James Woods, Woods Lonergan
Conflicts between boards and the building’s shareholders or unit-owners are nothing new in New York City. But once in a long while, these disputes wind up going to trial. You’re familiar with a recent case. What was the nature of the beef?
The essence of the complaint was that the sponsor controlled the board. In 1986 the building submitted an offering plan to become a condominium, and the sponsor had control of the building for five years or so. She wound up putting family members on the board and giving out contracts to family members to be the management company. It was self-dealing.
What did the unit-owners do?
They filed a lawsuit, a derivative action, on behalf of the condominium. They wanted to hold the sponsor and the board to task for what was going on. The case has an interesting procedural history. Initially, the New York Supreme Court wound up dismissing the complaint. The amended complaint then went up to the Appellate Division, which said: “The lower court erred. We’re going to send this back. We’re not going to allow the business judgment rule to bar the court from examining whether or not these self-dealings were breaches of fiduciary duty, or if they were breaches of contract.”
So the business Judgment rule is not impenetrable armor if there’s self-dealing or if the board is acting in bad faith. Now the case is back on track to go to trial. Were there any financial improprieties?
Yes, there was a host of complaints, but the key was that under the offering plan, the sponsor would have control either for five years or until 75% of the units had been sold. But the sponsor continued to control the board well past those five years. There was also another prohibition in the offering plan that the sponsor would not vote for a majority of the board seats after those triggering events — either the five years or the sale of the 75% of the units — but the sponsor kept control. She transferred one of the units to her daughter, another one to her husband.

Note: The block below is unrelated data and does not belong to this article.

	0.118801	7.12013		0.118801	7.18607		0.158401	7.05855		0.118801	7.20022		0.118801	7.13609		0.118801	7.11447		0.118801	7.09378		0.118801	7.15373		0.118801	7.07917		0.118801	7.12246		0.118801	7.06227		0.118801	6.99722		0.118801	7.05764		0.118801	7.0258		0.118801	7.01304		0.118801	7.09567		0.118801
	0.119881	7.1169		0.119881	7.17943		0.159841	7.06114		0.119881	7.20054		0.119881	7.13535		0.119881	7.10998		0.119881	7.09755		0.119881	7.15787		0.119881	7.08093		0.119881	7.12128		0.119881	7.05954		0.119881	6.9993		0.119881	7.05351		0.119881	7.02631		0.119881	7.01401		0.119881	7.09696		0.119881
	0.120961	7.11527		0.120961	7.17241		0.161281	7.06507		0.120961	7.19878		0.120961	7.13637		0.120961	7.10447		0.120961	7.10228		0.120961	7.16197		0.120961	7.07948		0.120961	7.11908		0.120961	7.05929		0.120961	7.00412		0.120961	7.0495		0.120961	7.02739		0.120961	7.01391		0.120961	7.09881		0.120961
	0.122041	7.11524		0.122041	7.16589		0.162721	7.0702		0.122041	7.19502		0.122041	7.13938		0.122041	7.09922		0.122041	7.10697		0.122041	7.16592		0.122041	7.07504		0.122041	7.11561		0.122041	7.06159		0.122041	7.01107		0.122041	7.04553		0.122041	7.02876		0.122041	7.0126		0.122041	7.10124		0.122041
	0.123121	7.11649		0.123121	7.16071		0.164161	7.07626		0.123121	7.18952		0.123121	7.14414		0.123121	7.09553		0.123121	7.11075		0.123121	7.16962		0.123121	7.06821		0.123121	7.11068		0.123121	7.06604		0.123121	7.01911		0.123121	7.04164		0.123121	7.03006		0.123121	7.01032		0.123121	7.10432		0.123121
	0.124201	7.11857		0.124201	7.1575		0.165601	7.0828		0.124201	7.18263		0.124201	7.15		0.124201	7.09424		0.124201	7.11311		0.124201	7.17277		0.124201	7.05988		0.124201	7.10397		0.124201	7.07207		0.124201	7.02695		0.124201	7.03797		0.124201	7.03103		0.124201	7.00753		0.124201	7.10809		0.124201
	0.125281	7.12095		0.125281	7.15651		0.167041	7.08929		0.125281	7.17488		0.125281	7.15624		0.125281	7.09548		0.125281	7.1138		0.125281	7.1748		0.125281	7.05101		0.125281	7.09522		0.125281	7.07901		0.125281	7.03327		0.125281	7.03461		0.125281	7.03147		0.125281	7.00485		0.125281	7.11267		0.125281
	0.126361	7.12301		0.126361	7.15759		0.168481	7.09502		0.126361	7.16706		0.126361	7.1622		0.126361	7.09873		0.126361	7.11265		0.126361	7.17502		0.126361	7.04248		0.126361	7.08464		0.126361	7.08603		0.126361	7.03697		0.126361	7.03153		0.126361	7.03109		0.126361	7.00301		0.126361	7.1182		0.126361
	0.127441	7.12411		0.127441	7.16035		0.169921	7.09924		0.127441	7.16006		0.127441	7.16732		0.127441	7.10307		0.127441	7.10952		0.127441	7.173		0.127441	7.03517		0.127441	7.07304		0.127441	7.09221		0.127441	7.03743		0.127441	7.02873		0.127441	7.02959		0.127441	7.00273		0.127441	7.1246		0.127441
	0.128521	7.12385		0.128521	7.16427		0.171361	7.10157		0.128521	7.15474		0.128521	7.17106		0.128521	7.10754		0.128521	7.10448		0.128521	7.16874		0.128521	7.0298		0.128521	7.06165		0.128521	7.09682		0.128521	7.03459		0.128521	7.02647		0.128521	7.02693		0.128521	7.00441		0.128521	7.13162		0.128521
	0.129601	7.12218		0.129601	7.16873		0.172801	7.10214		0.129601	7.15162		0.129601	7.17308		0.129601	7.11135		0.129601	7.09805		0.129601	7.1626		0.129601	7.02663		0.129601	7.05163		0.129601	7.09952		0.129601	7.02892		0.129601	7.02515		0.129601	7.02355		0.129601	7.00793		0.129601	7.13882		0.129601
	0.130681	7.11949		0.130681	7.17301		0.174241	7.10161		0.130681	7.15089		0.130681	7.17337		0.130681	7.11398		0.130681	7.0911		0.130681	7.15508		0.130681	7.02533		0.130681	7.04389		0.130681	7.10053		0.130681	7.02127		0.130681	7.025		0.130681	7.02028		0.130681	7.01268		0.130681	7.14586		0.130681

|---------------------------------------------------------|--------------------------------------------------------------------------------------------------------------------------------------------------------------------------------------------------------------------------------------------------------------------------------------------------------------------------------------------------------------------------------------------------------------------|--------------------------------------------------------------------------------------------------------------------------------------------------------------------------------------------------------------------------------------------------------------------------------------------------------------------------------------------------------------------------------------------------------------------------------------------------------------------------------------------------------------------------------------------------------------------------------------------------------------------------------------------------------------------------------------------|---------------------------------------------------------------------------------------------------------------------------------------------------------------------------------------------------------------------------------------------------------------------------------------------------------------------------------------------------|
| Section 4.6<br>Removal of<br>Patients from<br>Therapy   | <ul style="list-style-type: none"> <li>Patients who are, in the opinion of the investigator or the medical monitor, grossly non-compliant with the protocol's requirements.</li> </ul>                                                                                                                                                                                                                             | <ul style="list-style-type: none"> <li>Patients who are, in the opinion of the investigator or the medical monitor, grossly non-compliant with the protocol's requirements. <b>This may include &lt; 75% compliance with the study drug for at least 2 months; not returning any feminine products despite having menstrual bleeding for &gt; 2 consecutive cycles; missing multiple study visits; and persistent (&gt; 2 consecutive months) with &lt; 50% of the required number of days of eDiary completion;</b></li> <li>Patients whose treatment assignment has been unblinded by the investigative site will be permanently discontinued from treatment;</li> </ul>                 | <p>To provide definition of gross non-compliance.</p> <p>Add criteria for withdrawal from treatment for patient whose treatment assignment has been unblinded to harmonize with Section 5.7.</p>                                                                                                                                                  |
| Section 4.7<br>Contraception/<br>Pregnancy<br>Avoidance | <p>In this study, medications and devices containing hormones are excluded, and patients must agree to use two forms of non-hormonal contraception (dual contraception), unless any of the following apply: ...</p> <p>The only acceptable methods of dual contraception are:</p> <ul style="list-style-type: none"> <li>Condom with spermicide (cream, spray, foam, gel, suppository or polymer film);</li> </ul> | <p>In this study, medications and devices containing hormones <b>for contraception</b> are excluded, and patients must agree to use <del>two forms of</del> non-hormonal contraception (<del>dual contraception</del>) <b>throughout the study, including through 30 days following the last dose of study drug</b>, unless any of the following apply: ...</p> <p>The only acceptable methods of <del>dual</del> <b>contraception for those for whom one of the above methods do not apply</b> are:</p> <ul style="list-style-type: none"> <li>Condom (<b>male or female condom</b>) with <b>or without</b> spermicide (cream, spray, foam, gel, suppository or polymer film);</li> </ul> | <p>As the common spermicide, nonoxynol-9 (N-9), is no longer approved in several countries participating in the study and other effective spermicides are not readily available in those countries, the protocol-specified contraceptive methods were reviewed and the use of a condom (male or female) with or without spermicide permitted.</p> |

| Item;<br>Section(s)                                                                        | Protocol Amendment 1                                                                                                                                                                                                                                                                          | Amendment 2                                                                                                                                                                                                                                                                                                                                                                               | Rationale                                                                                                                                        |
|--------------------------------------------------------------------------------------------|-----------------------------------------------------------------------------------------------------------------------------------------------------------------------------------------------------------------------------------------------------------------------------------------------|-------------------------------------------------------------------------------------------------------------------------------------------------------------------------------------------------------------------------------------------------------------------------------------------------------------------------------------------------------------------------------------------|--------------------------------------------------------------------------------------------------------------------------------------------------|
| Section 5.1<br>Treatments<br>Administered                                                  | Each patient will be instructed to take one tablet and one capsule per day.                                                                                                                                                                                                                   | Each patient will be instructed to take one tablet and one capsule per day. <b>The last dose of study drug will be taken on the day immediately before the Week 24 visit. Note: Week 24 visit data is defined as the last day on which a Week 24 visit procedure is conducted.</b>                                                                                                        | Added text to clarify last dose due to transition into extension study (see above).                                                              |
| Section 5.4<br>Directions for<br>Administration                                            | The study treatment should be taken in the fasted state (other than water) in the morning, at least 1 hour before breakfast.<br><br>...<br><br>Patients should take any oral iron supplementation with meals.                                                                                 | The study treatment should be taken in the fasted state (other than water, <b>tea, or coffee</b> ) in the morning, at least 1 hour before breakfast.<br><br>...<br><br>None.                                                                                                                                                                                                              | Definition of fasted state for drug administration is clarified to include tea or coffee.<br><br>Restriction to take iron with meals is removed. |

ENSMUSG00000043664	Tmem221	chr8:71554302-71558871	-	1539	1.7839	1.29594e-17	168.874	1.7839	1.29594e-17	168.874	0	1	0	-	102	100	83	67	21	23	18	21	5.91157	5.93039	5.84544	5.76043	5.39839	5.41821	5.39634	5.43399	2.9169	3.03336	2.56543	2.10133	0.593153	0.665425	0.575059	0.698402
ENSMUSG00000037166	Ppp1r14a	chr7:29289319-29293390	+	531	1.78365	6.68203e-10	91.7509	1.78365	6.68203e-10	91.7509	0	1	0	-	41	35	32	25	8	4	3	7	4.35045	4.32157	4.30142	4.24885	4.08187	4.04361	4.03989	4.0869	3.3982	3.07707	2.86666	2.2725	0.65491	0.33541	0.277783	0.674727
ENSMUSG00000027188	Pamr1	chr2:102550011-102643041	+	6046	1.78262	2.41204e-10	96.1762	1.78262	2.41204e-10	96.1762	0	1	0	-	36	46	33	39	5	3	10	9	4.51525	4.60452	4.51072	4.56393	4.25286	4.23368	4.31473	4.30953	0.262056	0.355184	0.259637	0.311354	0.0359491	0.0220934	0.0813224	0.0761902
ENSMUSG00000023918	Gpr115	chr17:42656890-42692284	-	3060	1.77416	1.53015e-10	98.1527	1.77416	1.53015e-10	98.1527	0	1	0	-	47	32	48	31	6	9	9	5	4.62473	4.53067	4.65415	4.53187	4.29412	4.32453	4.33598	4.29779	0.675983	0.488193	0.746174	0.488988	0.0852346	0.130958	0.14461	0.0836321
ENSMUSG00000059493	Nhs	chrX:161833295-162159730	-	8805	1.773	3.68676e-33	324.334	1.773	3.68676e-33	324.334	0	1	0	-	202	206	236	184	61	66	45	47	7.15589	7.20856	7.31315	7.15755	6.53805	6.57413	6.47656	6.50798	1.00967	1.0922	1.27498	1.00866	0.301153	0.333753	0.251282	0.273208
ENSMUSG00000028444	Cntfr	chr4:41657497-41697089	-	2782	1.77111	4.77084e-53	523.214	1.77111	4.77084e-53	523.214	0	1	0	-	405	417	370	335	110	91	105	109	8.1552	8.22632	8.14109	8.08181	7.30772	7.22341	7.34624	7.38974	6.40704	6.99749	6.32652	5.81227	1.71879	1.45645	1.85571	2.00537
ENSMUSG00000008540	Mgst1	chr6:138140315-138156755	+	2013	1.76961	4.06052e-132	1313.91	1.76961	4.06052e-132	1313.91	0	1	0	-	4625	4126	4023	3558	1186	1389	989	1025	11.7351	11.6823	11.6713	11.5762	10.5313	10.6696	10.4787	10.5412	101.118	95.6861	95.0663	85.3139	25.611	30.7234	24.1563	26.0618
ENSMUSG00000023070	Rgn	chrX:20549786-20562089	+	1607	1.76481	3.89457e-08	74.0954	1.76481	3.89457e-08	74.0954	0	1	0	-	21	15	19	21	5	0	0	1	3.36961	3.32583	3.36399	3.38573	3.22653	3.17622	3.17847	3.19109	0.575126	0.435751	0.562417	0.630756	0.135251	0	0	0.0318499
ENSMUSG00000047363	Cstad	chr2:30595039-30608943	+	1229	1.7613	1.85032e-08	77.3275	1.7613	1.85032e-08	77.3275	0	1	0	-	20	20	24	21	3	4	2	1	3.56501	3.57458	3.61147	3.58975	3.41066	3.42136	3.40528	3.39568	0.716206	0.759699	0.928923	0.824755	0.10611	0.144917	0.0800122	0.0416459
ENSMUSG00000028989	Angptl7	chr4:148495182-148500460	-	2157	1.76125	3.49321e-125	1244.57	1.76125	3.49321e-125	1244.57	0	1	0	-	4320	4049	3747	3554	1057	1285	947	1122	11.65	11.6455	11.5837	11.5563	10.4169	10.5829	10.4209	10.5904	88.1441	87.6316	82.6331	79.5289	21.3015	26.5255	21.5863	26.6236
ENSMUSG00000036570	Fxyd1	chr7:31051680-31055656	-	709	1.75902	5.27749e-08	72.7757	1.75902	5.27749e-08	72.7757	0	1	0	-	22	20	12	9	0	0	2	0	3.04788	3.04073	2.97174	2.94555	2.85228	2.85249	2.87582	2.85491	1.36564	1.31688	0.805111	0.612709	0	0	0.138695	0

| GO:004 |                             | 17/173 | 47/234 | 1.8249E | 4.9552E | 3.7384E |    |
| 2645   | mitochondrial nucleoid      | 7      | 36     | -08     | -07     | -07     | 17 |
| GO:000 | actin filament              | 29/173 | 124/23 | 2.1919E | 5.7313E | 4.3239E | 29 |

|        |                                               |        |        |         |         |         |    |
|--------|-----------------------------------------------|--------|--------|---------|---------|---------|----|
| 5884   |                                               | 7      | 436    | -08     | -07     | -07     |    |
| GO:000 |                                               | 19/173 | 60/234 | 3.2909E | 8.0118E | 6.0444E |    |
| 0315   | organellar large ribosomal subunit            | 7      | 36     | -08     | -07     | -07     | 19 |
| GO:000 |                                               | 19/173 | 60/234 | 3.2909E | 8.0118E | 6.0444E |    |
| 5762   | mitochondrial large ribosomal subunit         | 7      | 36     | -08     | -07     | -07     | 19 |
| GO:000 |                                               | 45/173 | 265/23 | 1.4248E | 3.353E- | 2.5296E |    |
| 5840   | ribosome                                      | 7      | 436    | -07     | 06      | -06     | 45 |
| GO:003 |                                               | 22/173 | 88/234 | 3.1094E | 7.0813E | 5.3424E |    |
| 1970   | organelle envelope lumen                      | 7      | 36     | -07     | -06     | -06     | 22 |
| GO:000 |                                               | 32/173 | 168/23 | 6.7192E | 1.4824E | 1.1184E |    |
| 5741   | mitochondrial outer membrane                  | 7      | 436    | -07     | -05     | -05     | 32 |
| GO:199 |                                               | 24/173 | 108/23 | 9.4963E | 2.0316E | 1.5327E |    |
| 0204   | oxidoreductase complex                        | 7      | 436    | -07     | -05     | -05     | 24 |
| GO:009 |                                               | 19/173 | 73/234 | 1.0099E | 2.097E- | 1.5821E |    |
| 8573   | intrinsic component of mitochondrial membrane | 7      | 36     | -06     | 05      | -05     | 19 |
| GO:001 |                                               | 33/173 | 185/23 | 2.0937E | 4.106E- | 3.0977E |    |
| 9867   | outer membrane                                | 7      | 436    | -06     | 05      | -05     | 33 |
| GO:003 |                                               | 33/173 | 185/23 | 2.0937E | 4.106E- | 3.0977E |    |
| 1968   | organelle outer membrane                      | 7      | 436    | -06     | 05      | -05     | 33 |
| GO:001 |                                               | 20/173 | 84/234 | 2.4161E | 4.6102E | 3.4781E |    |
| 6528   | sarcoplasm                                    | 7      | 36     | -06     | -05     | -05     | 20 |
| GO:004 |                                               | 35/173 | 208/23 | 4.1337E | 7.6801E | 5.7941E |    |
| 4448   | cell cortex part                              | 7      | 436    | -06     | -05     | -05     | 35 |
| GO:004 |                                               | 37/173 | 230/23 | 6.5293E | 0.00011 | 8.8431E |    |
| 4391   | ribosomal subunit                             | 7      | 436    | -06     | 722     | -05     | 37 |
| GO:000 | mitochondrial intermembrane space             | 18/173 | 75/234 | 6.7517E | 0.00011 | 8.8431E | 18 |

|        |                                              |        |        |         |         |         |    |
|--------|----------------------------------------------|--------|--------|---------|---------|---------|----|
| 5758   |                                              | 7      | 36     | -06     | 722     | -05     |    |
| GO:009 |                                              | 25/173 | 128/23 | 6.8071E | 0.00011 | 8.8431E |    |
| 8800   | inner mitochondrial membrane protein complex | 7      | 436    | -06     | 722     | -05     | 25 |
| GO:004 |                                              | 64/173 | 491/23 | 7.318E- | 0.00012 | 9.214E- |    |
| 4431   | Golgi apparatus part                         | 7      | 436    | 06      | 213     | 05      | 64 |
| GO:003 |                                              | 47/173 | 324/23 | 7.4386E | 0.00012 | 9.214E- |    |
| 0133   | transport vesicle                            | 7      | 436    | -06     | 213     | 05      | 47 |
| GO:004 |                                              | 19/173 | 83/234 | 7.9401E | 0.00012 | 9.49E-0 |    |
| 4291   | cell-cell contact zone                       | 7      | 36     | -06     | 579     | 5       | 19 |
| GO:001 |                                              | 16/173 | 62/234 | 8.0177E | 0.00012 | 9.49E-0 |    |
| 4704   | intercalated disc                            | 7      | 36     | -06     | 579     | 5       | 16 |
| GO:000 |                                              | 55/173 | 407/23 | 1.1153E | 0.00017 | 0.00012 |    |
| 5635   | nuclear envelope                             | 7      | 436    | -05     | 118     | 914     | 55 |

As it turns out, the husband owned a management company, and he was the one who was managing the building. So not only was the sponsor voting for a majority of the seats, but she failed to obey the offering plan and sell all of her units. She was permitted to retain one or more, but she needed to amend the offering plan, and she chose not to do that. In addition, they didn’t hold elections for a few years.
How did the court rule in the case?
There was a three-day non-jury trial. The court found that the sponsor had breached her fiduciary duty and had breached a contract in the offering plan, by voting for the majority of seats and by failing to amend the offering plan. The court also decided that, yes, there was in fact self-dealing here. Both the sponsor and her family directly and indirectly benefited from this contract with the management company. In addition, when the management company needed to have work done, guess who it hired? A construction company owned by the husband.
What a shock!
You see a pattern forming here. One of the things the unit-owners were seeking was monetary damages. While the court found that they had not met the burden of demonstrating that they were somehow damaged by this management company, it gave them everything else they were looking for. It ordered new board elections and then went even further. To remedy the prior abuses, the court limited the family’s seats on the board for the next six years to no more than two. I thought it was interesting that the court went to those lengths to ensure, going forward, that the condominium would be protected.
In addition, the condominium had not had proper financial statements. The court ordered that they have verified financial statements by a certified accountant. And the final thing, the court ordered that the individual defendants had to pay their attorney’s fees for the trial, pretrial motions and post-trial motions.
Is there a lesson to be learned from this intriguing, odd case?
I think the lesson is that boards have to follow the procedures when it comes to elections very, very closely, and they have to disclose to all unit-owners or shareholders if there’s any potential conflict of interest. They also need to recuse themselves in the event there’s even the appearance of a conflict. As this case shows, the courts will act. And this court gave the plaintiffs almost everything they were looking for.